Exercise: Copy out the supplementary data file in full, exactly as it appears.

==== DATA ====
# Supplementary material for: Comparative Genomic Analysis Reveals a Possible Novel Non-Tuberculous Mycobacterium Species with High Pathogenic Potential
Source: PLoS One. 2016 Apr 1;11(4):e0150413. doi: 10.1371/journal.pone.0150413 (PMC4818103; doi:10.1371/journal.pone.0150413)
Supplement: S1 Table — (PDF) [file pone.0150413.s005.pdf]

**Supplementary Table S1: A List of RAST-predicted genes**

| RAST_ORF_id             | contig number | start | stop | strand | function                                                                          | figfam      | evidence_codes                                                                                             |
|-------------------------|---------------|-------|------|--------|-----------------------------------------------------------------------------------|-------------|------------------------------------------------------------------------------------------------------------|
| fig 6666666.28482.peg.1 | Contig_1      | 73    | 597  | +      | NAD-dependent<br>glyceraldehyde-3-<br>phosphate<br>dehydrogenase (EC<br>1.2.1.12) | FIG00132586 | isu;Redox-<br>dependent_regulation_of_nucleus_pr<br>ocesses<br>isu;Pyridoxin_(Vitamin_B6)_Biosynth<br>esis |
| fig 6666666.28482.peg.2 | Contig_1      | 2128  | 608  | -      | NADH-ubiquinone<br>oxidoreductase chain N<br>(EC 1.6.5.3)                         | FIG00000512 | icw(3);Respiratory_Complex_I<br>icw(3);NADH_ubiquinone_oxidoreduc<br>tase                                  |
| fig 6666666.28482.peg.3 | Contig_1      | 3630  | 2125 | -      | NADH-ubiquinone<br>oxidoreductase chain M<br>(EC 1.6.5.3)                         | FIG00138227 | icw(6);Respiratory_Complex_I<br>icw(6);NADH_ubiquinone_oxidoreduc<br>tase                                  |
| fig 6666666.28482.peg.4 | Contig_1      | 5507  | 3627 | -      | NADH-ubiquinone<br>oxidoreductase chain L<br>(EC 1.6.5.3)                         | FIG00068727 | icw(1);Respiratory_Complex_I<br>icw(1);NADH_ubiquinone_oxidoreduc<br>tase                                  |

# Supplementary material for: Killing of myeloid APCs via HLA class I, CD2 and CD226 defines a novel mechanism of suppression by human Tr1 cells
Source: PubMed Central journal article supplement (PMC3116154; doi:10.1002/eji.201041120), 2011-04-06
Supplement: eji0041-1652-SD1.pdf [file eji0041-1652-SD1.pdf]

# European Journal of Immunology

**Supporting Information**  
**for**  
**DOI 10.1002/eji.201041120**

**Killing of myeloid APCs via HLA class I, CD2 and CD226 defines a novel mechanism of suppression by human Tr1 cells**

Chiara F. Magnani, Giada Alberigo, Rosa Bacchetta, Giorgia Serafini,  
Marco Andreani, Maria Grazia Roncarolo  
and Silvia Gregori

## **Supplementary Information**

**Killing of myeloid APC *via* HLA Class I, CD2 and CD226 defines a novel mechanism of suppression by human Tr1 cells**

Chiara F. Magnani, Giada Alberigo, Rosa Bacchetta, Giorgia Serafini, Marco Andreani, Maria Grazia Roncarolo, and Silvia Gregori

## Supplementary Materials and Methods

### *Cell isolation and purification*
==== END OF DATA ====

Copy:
# Supplementary material for: Comparative Genomic Analysis Reveals a Possible Novel Non-Tuberculous Mycobacterium Species with High Pathogenic Potential
Source: PLoS One. 2016 Apr 1;11(4):e0150413. doi: 10.1371/journal.pone.0150413 (PMC4818103; doi:10.1371/journal.pone.0150413)
Supplement: S1 Table — (PDF) [file pone.0150413.s005.pdf]

**Supplementary Table S1: A List of RAST-predicted genes**

| RAST_ORF_id             | contig number | start | stop | strand | function                                                                          | figfam      | evidence_codes                                                                                             |
|-------------------------|---------------|-------|------|--------|-----------------------------------------------------------------------------------|-------------|------------------------------------------------------------------------------------------------------------|
| fig 6666666.28482.peg.1 | Contig_1      | 73    | 597  | +      | NAD-dependent<br>glyceraldehyde-3-<br>phosphate<br>dehydrogenase (EC<br>1.2.1.12) | FIG00132586 | isu;Redox-<br>dependent_regulation_of_nucleus_pr<br>ocesses<br>isu;Pyridoxin_(Vitamin_B6)_Biosynth<br>esis |
| fig 6666666.28482.peg.2 | Contig_1      | 2128  | 608  | -      | NADH-ubiquinone<br>oxidoreductase chain N<br>(EC 1.6.5.3)                         | FIG00000512 | icw(3);Respiratory_Complex_I<br>icw(3);NADH_ubiquinone_oxidoreduc<br>tase                                  |
| fig 6666666.28482.peg.3 | Contig_1      | 3630  | 2125 | -      | NADH-ubiquinone<br>oxidoreductase chain M<br>(EC 1.6.5.3)                         | FIG00138227 | icw(6);Respiratory_Complex_I<br>icw(6);NADH_ubiquinone_oxidoreduc<br>tase                                  |
| fig 6666666.28482.peg.4 | Contig_1      | 5507  | 3627 | -      | NADH-ubiquinone<br>oxidoreductase chain L<br>(EC 1.6.5.3)                         | FIG00068727 | icw(1);Respiratory_Complex_I<br>icw(1);NADH_ubiquinone_oxidoreduc<br>tase                                  |

# Supplementary material for: Killing of myeloid APCs via HLA class I, CD2 and CD226 defines a novel mechanism of suppression by human Tr1 cells
Source: PubMed Central journal article supplement (PMC3116154; doi:10.1002/eji.201041120), 2011-04-06
Supplement: eji0041-1652-SD1.pdf [file eji0041-1652-SD1.pdf]

# European Journal of Immunology

**Supporting Information**  
**for**  
**DOI 10.1002/eji.201041120**

**Killing of myeloid APCs via HLA class I, CD2 and CD226 defines a novel mechanism of suppression by human Tr1 cells**

Chiara F. Magnani, Giada Alberigo, Rosa Bacchetta, Giorgia Serafini,  
Marco Andreani, Maria Grazia Roncarolo  
and Silvia Gregori

## **Supplementary Information**

**Killing of myeloid APC *via* HLA Class I, CD2 and CD226 defines a novel mechanism of suppression by human Tr1 cells**

Chiara F. Magnani, Giada Alberigo, Rosa Bacchetta, Giorgia Serafini, Marco Andreani, Maria Grazia Roncarolo, and Silvia Gregori

## Supplementary Materials and Methods

### *Cell isolation and purification*